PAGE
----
The implementation of scrum (an agile development method) also promises to improve knowledge sharing as product owners meet for sprint planning and sprint review meetings. The daily 10 to 15 minutes sprint meetings also means that fresh snippets of market knowledge will be periodically and informally fed directly to the development teams. This can only aid in ‘the team’ gaining a better understanding of the markets.

Knowledge sharing is important for the profitability, success and ongoing growth of products.

I will report more on scrum and the knowledge sharing benefits as time goes on.


  • Do you have any experience in scrum fostering knowledge sharing that has resulted in improved products or features?

  • Where do Product Managers sit in your organisation – among the developers or some where else?

Please feel free to post a comment or two.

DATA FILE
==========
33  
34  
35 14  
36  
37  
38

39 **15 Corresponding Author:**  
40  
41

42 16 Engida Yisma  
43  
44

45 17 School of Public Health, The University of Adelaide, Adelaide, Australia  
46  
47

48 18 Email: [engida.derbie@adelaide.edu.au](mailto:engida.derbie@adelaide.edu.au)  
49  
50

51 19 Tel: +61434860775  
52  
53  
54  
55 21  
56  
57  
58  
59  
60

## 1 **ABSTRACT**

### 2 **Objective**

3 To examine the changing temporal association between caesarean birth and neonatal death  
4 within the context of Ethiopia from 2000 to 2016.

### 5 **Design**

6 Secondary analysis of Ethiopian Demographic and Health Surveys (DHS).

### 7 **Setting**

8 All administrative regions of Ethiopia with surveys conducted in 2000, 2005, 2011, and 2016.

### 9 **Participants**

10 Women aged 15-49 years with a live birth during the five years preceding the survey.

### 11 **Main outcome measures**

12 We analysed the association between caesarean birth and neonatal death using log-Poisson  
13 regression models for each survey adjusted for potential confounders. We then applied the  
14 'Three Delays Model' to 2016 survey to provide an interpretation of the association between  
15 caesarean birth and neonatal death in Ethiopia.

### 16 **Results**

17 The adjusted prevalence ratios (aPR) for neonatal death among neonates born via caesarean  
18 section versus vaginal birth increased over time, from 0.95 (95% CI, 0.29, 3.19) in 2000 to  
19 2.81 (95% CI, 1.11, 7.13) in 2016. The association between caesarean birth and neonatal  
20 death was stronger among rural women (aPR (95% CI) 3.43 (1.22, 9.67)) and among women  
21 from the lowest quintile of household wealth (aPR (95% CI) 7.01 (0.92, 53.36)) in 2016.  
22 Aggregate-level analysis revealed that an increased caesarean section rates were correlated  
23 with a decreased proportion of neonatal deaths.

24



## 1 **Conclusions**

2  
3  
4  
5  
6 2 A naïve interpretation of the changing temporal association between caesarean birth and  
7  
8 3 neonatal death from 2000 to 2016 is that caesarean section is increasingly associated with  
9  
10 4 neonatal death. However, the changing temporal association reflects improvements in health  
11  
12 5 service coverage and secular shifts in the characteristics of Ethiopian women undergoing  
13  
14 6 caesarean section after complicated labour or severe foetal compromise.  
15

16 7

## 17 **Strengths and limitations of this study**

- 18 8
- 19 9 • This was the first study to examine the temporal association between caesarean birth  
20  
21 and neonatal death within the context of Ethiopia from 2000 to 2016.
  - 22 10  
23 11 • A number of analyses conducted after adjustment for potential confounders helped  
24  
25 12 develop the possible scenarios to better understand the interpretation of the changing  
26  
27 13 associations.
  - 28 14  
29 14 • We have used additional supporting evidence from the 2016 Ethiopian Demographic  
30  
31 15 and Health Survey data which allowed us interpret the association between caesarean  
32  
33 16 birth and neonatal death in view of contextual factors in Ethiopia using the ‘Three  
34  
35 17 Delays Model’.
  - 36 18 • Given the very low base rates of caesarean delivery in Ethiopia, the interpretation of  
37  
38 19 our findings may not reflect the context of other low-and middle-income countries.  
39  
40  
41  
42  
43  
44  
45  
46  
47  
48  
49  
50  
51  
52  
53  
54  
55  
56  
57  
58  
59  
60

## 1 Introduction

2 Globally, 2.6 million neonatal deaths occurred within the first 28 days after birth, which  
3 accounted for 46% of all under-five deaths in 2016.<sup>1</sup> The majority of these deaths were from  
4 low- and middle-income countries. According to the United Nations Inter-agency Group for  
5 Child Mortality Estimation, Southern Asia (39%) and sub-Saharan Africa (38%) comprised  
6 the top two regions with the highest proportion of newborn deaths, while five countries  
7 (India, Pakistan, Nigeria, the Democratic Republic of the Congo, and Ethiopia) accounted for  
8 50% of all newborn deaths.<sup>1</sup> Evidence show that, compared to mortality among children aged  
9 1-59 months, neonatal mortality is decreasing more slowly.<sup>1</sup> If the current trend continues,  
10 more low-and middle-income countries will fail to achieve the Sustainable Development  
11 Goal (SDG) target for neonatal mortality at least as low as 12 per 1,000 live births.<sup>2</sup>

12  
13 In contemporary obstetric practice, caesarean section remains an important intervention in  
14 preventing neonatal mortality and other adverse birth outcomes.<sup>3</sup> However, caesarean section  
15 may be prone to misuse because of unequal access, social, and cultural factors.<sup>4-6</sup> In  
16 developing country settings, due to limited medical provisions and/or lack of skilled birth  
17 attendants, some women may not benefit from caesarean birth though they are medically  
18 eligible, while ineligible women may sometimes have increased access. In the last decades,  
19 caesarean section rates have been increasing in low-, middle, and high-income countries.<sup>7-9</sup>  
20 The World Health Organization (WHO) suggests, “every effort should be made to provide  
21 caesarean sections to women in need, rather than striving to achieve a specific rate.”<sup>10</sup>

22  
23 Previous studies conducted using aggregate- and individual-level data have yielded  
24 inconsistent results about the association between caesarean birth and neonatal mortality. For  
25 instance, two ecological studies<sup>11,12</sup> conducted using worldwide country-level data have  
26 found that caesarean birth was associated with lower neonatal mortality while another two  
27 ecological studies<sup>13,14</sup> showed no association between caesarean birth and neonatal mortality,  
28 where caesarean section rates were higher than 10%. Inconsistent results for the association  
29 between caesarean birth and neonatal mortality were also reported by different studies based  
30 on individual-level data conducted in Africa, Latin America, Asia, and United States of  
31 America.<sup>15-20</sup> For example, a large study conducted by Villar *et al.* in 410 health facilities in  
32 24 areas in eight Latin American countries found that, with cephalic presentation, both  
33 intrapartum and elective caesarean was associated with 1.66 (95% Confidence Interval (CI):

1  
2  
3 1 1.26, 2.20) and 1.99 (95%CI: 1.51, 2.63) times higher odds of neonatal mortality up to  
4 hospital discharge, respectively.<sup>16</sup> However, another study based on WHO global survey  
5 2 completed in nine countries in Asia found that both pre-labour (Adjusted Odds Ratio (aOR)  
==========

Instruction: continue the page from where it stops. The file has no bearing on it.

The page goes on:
See: sharing knowledge for more information regarding the benefits or knowledge management and product management.

9 comments:

  1. Knowledge Sharing is extremely important in my opinion. Even if you do not do SCRUM your PM should find a non-intrusive way to stay updated with current R&D situation.

    In our small start-up we do not really have a PM per se.
    A guy who owns applications consulting/sales engineering/technical marketing responsibilities also drives the PM process together with head of R&D and head of marketing. So you may say he is our PM also who is very close with R&D, marketing, and sales (on a daily basis using the product and constantly giving feedback). But that is a small organization.

    So in my opinion the closer the PM to the actual process within R&D and client support the better it is for the product.